Vatum materies, Musa tuis dabit
Mercedem meritis, Te faciet sacrum,
Sublimem, astra supra, Te vehet, ardua."

The poem itself is divided into two books, and contains many curious particulars. His account of Portia's death is very sublime :

“ Fam'd Portia, worthy of her mate and sire,
Express'd such friendship, when she swallowed fire ;
Soon as she heard of her dear Brutus' death,
Her consort breathless, she disdain'd to breath;
Each instrument of death, to her deny'd,
Shall Portia be debarr'd fro death ?' she cry'd,
Then drank live embers, and intrepid died.”

We wish Mr. Marriott would explain the manner in which the ancients drank live embers. In p. 59, he candidly owns, that he has labored hard in bringing these poems to perfection:

“ Hear me, fair pupil, ne'er despise the bard

Whose muse for your instruction labors hard."

In the next page we meet with this curious paradox:

Her witty child, let the fond mother boast,
You show most wit, when you conceal it most."

This, for aught we know, may be the author's own case; for he seems to have a particular knack at concealing his wit.

There is something so agreeable, yet familiar, in his pre

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« From smart cock'd hat, let no vain streamers fly."

“I only warn you—ne'er your teeth neglect;

White teeth will make amends for each defect."

“To singing add the force of music too.”

This is a very necessary injunction; for it is very common to hear singing without music.

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Rather than pick out any more flowers of this kind, with which the poem abounds, we will make a few extracts, from which the poet's genius may be more justly estimated :

“Let no provoking words your wrath attend,

Lest passion should in dire disaster end;
How tragical had been Xantippe's fate,
Had Socrates not been her peaceful mate !
You may just hint a fault, while you commend
His well-known merit, like a faithful friend.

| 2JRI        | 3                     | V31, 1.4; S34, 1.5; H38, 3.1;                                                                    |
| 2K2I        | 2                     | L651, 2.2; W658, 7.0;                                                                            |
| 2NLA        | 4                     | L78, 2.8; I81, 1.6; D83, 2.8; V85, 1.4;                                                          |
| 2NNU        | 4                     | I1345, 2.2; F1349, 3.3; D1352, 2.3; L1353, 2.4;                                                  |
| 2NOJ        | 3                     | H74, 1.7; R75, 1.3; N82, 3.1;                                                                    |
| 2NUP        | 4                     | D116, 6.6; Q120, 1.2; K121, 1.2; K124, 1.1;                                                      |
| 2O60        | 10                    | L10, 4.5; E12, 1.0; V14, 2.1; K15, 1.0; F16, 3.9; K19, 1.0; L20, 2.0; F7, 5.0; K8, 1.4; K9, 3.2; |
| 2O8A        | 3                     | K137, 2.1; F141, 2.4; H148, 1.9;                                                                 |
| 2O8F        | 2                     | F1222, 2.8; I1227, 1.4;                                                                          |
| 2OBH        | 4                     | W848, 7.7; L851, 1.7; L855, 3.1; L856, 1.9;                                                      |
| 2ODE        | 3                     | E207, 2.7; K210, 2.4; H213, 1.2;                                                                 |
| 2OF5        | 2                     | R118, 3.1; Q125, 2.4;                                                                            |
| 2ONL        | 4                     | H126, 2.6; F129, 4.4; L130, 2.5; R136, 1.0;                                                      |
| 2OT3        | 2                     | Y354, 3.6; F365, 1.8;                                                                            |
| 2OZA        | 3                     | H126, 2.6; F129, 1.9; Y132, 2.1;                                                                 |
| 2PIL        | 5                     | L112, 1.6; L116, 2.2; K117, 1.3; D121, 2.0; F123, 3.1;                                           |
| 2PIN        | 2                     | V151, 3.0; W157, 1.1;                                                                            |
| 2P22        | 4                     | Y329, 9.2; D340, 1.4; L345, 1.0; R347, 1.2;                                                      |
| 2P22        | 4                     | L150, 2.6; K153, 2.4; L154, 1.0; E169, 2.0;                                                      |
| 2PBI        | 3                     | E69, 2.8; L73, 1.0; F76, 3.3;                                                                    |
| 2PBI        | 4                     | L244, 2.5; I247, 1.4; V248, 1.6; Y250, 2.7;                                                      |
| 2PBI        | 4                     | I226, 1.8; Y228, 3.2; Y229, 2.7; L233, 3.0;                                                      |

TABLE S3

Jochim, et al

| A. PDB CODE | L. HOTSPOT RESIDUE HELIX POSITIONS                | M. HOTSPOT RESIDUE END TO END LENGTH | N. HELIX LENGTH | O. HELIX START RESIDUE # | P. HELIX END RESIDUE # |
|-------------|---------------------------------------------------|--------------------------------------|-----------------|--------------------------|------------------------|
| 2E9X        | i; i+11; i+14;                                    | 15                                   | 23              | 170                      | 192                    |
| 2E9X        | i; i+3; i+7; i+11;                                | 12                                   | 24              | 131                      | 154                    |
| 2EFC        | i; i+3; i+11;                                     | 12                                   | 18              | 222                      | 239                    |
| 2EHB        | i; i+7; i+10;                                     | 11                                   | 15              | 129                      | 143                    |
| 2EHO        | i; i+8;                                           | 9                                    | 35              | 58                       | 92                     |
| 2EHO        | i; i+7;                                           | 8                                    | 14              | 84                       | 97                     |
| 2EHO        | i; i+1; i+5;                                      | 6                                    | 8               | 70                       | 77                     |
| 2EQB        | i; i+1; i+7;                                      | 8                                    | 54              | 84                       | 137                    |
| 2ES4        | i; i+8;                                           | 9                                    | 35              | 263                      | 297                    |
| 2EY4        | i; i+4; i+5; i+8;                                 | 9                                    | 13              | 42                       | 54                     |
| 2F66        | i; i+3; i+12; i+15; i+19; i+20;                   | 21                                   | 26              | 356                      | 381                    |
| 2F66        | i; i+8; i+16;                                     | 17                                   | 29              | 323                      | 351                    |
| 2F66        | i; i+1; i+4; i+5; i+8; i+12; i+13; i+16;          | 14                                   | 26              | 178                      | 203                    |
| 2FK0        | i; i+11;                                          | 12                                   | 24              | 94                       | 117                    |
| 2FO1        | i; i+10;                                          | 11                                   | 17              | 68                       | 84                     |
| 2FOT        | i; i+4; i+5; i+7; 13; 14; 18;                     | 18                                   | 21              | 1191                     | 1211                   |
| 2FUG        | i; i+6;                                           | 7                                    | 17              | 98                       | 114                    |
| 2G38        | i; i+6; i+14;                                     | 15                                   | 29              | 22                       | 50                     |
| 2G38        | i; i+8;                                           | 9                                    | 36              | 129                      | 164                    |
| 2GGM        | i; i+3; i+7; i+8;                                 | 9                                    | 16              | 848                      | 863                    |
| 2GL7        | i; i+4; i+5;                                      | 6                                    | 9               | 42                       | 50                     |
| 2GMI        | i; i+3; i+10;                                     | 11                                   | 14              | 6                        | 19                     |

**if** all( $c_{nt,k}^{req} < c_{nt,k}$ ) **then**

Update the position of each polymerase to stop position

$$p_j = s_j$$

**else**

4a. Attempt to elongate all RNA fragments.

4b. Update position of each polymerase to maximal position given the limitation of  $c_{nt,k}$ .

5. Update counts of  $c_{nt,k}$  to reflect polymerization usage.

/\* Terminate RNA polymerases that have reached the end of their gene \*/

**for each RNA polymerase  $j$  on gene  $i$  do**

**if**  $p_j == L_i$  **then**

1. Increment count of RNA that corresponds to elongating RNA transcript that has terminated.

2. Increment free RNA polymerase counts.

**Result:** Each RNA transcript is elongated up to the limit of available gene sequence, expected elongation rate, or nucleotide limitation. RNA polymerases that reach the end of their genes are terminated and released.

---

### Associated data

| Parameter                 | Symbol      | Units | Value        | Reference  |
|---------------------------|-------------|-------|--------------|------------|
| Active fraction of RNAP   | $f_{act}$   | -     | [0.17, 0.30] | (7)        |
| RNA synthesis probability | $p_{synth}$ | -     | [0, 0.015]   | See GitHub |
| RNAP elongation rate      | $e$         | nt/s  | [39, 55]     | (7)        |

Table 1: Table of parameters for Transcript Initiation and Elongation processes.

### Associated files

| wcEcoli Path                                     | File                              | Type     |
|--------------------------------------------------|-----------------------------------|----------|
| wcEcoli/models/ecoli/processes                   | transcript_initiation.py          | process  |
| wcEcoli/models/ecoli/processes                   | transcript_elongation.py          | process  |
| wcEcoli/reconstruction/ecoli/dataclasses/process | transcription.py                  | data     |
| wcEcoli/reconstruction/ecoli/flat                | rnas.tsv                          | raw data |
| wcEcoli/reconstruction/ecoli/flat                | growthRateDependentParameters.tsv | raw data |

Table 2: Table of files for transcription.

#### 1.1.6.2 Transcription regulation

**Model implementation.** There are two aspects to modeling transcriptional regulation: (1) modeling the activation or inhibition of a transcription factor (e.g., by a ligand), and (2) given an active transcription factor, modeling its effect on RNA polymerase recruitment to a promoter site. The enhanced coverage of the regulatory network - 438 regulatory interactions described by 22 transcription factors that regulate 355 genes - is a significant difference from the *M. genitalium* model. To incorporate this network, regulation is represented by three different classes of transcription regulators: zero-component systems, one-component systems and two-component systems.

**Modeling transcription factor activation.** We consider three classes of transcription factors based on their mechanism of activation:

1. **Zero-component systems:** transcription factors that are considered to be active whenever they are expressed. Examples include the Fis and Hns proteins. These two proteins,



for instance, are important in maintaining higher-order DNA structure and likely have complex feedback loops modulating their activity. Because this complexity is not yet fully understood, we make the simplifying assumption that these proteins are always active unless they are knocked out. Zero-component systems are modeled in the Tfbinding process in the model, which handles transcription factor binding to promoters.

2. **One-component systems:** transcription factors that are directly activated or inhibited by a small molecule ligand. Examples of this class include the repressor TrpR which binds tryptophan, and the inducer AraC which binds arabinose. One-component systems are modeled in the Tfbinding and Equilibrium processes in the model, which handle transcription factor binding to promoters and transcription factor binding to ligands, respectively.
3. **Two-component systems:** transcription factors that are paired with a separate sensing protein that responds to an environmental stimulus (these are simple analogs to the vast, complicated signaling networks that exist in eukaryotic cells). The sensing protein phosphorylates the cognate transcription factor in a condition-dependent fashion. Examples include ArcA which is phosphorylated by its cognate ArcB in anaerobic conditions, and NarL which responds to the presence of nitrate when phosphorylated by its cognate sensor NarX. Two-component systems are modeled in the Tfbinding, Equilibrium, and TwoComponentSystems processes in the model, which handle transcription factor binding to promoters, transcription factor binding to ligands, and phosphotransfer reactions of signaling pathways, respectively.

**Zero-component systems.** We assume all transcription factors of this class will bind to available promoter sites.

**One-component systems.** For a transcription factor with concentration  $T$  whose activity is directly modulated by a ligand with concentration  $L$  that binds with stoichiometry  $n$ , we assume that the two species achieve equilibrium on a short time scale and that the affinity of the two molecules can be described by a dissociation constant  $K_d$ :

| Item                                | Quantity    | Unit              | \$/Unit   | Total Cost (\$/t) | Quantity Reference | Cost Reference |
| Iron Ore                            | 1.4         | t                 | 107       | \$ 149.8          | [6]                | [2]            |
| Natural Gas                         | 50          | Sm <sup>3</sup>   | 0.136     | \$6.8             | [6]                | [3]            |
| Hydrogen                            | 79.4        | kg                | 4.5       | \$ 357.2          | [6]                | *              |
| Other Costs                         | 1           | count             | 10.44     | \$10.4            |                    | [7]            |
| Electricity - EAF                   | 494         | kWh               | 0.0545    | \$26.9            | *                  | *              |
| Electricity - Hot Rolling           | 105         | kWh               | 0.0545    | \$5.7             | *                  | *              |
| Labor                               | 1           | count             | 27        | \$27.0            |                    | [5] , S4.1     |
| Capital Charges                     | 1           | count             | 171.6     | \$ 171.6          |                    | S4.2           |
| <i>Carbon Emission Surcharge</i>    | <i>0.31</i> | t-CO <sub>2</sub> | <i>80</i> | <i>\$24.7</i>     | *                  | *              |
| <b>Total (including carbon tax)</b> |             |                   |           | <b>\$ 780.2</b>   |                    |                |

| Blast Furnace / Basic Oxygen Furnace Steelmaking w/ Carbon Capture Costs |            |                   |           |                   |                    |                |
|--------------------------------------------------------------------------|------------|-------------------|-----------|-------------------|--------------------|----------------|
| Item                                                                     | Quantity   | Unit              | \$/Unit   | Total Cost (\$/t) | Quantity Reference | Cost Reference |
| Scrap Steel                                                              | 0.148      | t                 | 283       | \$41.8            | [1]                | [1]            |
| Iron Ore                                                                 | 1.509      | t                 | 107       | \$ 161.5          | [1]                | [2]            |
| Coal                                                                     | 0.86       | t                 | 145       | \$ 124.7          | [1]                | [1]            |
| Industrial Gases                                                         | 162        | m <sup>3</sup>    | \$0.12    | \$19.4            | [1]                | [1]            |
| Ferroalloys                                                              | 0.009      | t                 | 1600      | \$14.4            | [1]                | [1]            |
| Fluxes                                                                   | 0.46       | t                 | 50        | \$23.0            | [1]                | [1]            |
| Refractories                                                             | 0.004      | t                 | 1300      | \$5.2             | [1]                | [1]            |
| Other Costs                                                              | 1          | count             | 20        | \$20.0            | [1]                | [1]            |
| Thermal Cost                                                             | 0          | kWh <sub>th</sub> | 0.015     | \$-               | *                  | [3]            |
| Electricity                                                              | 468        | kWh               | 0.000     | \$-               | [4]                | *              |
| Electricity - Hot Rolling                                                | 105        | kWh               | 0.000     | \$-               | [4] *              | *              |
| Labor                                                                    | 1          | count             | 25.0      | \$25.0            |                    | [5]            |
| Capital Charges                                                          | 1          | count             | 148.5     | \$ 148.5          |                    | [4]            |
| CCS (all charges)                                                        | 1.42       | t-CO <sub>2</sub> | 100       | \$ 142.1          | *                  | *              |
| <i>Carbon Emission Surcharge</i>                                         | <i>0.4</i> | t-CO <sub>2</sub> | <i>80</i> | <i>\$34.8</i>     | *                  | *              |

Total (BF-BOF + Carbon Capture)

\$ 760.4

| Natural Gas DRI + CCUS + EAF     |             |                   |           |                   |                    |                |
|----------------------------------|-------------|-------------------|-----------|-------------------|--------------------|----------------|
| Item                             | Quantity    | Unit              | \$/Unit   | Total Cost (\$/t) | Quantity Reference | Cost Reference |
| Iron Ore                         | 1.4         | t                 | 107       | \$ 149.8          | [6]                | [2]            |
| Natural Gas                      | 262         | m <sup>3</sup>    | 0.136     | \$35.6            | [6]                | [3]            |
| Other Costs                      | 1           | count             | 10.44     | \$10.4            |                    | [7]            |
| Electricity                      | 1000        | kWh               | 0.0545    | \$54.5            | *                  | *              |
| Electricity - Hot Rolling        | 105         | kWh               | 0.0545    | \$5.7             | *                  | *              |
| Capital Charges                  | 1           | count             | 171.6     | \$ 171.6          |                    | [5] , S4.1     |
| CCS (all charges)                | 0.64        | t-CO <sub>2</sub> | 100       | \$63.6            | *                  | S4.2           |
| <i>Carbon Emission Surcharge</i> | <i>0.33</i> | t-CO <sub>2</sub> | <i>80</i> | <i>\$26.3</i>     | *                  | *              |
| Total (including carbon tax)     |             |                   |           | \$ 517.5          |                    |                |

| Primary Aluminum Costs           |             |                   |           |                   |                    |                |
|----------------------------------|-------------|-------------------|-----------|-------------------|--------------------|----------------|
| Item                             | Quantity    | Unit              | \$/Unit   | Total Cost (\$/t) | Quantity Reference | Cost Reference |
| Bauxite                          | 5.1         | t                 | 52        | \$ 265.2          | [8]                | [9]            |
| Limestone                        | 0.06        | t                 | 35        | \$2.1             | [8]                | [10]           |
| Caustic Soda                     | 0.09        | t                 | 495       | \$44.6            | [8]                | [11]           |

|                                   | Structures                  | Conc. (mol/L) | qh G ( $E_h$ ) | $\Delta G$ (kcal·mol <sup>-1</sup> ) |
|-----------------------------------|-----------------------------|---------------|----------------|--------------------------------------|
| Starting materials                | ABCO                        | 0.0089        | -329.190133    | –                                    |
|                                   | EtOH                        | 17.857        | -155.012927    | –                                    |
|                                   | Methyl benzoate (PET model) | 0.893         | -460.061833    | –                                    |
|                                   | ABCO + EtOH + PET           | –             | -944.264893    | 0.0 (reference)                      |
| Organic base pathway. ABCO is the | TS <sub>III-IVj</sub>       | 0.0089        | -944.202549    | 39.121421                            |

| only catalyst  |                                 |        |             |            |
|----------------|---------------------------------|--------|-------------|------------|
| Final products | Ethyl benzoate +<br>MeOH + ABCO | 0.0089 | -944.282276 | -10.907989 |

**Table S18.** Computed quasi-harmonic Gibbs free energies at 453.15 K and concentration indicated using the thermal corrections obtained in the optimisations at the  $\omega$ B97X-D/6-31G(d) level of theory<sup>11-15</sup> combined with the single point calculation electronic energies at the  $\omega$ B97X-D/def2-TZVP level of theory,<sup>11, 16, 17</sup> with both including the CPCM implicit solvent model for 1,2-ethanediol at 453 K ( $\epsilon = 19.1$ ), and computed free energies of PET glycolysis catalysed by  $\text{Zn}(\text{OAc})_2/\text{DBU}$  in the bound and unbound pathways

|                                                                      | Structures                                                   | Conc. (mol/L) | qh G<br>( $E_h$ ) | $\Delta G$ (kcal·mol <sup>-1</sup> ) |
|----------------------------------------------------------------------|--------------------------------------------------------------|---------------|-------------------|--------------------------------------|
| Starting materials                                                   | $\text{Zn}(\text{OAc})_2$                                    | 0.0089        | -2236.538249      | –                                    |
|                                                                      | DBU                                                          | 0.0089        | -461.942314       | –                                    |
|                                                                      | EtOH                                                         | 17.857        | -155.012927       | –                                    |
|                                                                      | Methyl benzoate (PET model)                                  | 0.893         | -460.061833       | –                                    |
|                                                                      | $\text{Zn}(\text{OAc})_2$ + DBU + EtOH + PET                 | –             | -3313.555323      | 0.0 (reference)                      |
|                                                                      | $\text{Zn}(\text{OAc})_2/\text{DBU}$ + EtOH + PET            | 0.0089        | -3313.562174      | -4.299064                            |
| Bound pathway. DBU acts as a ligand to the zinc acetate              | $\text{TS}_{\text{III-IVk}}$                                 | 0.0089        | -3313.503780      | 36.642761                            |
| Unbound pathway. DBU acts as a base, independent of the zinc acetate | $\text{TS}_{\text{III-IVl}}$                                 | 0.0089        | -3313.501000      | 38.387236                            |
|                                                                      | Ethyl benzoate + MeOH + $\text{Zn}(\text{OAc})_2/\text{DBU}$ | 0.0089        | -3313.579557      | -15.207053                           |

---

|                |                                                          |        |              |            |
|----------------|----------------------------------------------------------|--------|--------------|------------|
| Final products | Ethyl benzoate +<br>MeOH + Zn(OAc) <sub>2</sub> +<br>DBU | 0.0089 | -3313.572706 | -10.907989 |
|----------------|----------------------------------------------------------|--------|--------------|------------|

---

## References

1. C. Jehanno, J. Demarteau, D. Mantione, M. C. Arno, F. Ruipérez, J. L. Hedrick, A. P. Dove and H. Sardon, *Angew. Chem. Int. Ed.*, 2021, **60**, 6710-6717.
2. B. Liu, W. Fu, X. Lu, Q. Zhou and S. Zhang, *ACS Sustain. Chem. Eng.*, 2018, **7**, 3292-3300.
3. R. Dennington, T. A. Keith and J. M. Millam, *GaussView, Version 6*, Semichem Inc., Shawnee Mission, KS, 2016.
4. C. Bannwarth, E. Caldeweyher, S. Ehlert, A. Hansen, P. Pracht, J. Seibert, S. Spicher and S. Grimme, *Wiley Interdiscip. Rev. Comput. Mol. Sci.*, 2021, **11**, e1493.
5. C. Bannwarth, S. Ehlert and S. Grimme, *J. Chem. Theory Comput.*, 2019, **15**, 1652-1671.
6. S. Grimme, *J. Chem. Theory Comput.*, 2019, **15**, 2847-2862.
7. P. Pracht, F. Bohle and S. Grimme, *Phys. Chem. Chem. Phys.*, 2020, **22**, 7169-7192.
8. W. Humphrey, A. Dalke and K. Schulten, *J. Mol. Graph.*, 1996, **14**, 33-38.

If distant hints from you he'll not receive,
Desist; no curtain-lectures to him give;
Think not to tame him, like some savage beast,
By oft disturbing his nocturnal rest:
Though much he may repeated lessons need,
Sacred to concord is the genial bed:
Thence far be sour, contentious, jarring noise !
There dwell in silence, reconciling joys;
There love's bright lamp is fed with new desire,
Rekindled there, it never will expire.

“ Once I through thin partition chanc'd to hear A curtain-lecture with astonish'd ear: It wak’d, and scar'd me, in the dead of night, Ere I my senses could recover quite; It sounded like a seraph's plaintive voice, So dire the sound, so solemn was the noise ! Trembling I heard, nor dard to ope my eyes, Lest I might view a horrid spectre rise. Soon I perceiv'd it was a woman's tongue, Rehearsing to her mate each nuptial wrong; Obdurate he, and stupid as a dunce, Heard unconcern’d, nor interrupted once; Till faint and spent, she falter'd in her speech, And, quite exhausted, could no longer preach; When her speech faild, she soon began to cry, And ev'ry tear had its attendant sigh. Then he, to aggravate each nuptial wrong, Wish'd death would silence soon her clam'rous tongue. Thus every curtain-lecture, preach'd in vain, Gives to the preacher, not the hearer, pain. To hint a fault requires the nicest touch, The pride of self-sufficient man is such ; Few with good grace can give or take advice, So few think others than themselves more wise ; Their faults the wisest are averse to hear; Touch gently, lest you hurt a tender ear.